Monday, January 01, 2007

A Healthy New Year. Part I, from Paul Krugman

Paul Krugman (sadly, behind the paywall) has written an interesting column arguing for the need of a single-payer health care system in the United States. Why? Because several payers (insurance companies, insurance plans, various levels of governments, consumers themselves) don't create a system of price competition in health care markets; what they create is a system of bloated administrative costs and reduced incentives to cover preventive care.

The latter is because the benefits of prevention may not accrue until some point in the future and might not help the current payer, and the former is because competition in medical care is largely based on quality (or the contents of the package sold), not on price. The administrative costs are high as each payer tries to exert its own controls on what is to be covered in great detail and as the different payers struggle not to become the ones who are burdened with the largest costs. The providers of health care then fight back with their own administrative systems which try to extract the maximum payment possible. The ultimate reason for all this is the uncertainty and lack of information we have about what is truly necessary in medical care. I've written earlier about the difficult characteristics of the medical care as a market, and many of these characteristics mean that the price system doesn't cause as much "good" competition as we would like to see.

The usual counterargument for a single-payer system is that such a system reduces choice. But as Krugman points out, choice of physicians and other health care providers could be written into a single-payer system. What he doesn't point out is something equally important: Choice in the multipayer system may often not be much more meaningful as most payers limit consumers' rights to seek alternative sources of care and in any case consumers are often unable to judge the quality of care very well.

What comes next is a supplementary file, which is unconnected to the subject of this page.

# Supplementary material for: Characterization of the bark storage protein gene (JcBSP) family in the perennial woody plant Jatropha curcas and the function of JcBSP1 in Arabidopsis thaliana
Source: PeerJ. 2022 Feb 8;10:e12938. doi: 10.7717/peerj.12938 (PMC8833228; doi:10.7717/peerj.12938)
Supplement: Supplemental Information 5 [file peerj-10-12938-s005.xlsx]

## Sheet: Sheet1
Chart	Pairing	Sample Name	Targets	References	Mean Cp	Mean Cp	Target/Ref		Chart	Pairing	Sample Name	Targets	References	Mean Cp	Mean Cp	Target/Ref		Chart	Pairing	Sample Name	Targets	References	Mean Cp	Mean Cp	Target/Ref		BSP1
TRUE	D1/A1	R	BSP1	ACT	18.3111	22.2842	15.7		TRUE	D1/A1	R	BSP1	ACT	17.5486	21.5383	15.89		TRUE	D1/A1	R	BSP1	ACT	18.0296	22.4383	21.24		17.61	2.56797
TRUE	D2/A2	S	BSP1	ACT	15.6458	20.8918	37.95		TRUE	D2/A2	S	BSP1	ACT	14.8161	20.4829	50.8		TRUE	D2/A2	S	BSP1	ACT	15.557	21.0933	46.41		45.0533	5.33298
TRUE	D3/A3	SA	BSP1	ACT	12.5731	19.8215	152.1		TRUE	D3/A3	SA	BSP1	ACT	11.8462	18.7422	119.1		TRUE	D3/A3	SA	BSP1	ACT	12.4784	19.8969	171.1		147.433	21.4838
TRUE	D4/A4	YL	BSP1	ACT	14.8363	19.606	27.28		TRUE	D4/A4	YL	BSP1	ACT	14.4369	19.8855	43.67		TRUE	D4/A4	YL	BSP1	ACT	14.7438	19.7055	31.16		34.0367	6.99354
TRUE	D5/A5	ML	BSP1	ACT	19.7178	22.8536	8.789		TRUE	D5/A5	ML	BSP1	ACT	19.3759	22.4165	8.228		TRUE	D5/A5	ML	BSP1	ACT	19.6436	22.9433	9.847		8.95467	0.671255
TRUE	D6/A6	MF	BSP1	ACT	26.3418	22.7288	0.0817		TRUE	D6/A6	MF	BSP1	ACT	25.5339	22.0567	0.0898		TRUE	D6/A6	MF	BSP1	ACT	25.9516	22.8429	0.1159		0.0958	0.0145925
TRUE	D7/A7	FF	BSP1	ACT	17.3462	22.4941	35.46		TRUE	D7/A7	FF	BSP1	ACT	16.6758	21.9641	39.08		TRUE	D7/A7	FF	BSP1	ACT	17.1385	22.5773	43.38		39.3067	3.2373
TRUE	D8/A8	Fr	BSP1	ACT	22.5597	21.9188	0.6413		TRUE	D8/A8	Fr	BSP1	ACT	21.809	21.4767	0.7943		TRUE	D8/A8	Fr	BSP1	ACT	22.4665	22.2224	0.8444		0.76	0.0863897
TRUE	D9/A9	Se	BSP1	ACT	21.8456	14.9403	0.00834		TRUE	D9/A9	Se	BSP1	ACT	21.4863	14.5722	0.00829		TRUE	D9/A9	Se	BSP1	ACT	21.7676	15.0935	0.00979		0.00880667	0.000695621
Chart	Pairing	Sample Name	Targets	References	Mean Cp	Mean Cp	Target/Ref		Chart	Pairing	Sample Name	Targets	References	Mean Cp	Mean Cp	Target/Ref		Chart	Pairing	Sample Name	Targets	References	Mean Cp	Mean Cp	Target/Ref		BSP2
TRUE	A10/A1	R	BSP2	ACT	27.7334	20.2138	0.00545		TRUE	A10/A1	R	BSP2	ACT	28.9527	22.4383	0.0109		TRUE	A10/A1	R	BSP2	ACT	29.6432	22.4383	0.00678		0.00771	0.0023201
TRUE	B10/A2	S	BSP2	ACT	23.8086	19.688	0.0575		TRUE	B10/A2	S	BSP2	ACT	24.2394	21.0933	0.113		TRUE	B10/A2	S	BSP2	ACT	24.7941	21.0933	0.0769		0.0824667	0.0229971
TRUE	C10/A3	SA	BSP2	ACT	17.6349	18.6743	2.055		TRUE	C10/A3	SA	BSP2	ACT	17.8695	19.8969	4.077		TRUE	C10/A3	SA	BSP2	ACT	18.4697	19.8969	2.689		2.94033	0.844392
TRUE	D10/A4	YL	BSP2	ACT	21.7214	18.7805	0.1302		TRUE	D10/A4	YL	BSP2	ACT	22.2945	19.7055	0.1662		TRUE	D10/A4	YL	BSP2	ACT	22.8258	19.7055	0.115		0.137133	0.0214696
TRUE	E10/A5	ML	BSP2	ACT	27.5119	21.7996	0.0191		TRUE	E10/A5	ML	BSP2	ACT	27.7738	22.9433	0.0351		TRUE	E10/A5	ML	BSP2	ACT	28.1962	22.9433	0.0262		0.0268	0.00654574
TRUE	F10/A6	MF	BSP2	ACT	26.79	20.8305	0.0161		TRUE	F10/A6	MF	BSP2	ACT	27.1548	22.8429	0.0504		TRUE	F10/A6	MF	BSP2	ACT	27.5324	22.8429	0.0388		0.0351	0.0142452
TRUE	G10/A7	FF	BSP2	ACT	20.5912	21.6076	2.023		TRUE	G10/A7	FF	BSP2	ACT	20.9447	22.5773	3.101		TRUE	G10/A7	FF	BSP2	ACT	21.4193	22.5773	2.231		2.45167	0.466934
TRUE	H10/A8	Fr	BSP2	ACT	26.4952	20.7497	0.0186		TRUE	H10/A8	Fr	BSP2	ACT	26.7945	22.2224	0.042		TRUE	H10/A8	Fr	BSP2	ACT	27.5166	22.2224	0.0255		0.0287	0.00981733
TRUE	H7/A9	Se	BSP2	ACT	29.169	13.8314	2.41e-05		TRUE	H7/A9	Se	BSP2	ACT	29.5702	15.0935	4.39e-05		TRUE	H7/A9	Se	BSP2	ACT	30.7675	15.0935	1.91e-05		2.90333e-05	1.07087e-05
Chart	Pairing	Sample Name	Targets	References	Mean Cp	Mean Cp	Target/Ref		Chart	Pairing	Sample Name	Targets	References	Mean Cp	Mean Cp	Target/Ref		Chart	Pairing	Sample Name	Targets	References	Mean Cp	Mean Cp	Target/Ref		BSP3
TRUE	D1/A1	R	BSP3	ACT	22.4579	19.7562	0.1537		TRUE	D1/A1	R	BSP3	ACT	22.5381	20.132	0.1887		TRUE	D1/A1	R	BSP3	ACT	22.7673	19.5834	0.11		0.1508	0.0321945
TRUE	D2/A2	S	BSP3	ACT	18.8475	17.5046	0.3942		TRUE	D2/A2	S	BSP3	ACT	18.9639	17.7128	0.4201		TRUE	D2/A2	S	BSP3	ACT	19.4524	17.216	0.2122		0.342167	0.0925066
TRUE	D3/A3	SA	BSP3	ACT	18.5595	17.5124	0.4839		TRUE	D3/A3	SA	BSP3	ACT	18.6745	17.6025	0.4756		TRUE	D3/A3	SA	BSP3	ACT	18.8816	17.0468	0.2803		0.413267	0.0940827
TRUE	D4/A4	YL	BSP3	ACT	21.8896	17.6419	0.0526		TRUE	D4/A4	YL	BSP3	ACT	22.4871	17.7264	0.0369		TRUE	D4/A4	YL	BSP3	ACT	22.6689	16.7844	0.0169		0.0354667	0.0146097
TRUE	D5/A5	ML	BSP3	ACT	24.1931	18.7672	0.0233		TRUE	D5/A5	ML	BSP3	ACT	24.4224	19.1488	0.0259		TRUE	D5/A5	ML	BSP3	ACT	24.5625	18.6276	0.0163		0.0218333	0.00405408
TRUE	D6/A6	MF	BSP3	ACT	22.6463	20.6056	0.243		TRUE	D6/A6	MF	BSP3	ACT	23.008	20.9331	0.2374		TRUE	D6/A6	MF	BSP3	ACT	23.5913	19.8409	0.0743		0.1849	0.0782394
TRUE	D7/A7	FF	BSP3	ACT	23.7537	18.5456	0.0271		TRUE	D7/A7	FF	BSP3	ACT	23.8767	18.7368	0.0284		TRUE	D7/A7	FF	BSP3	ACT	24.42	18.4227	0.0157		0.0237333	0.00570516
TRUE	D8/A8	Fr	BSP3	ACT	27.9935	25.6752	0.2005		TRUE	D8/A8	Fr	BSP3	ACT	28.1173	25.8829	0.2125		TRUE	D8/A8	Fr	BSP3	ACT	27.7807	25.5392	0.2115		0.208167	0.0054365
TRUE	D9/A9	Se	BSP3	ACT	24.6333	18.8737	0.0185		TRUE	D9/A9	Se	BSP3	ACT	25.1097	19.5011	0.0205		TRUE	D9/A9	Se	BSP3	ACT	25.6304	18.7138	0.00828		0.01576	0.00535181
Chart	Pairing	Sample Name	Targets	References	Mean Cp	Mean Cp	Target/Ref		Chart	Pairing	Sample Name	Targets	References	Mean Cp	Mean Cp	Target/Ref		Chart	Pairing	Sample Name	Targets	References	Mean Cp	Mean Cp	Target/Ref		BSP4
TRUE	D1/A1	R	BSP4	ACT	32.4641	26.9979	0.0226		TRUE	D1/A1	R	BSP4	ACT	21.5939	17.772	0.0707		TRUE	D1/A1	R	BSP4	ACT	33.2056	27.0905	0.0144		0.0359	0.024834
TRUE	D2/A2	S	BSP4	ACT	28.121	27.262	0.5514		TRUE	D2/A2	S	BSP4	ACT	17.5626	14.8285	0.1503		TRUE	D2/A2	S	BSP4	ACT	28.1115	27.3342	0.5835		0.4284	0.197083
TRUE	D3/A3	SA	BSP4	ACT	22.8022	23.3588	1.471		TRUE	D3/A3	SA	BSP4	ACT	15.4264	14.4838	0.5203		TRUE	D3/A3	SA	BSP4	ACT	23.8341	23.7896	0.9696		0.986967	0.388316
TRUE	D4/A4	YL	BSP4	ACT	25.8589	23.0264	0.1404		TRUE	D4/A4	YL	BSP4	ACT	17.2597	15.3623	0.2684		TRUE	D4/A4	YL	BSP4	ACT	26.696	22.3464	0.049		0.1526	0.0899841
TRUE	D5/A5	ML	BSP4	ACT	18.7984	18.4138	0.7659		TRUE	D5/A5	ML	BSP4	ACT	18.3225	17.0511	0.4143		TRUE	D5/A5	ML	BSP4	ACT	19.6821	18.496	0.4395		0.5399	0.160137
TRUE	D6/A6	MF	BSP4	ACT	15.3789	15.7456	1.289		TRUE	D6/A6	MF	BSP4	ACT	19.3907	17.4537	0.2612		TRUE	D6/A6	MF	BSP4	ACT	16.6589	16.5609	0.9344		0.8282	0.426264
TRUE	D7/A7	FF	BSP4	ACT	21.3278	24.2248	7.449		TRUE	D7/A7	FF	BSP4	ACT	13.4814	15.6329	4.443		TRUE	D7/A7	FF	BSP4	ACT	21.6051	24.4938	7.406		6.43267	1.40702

This does not mean that a single-buyer system wouldn't have its own problems. All systems have them. But a single-buyer system would certainly give us a better chance to provide health care insurance which would cover all Americans. The current system allows over forty million Americans to be without health care coverage. These people are the working poor, the medically indigent and the young, and the reasons why they have no coverage vary by group.

The working poor are not covered because health insurance is seldom provided as a perk in low-paying jobs and to buy insurance separately is extremely expensive. The medically indigent are individuals who already have health problems. Private firms are reluctant to cover such individuals as they are more likely to cost money than those who are currently healthy. The young judge their own likelihood of needing health care to be too low to justify the large deductibles often required, assuming that they have access to insurance in the first place. Yet the whole idea behind insurance is to pool risks in order to average them out across people and time periods, and the removal of the low-risk young individuals from the pool raises the average costs to the rest. It also leaves the young uncovered and some of them do get ill.

Note that "choice" is not working very well here, except perhaps for the last group mentioned, and even there only in a very short-run sense. But it is possible that other aspects of choice in a multipayer system are more important for the average American. Still, I agree with Krugman that a serious discussion of alternatives is overdue.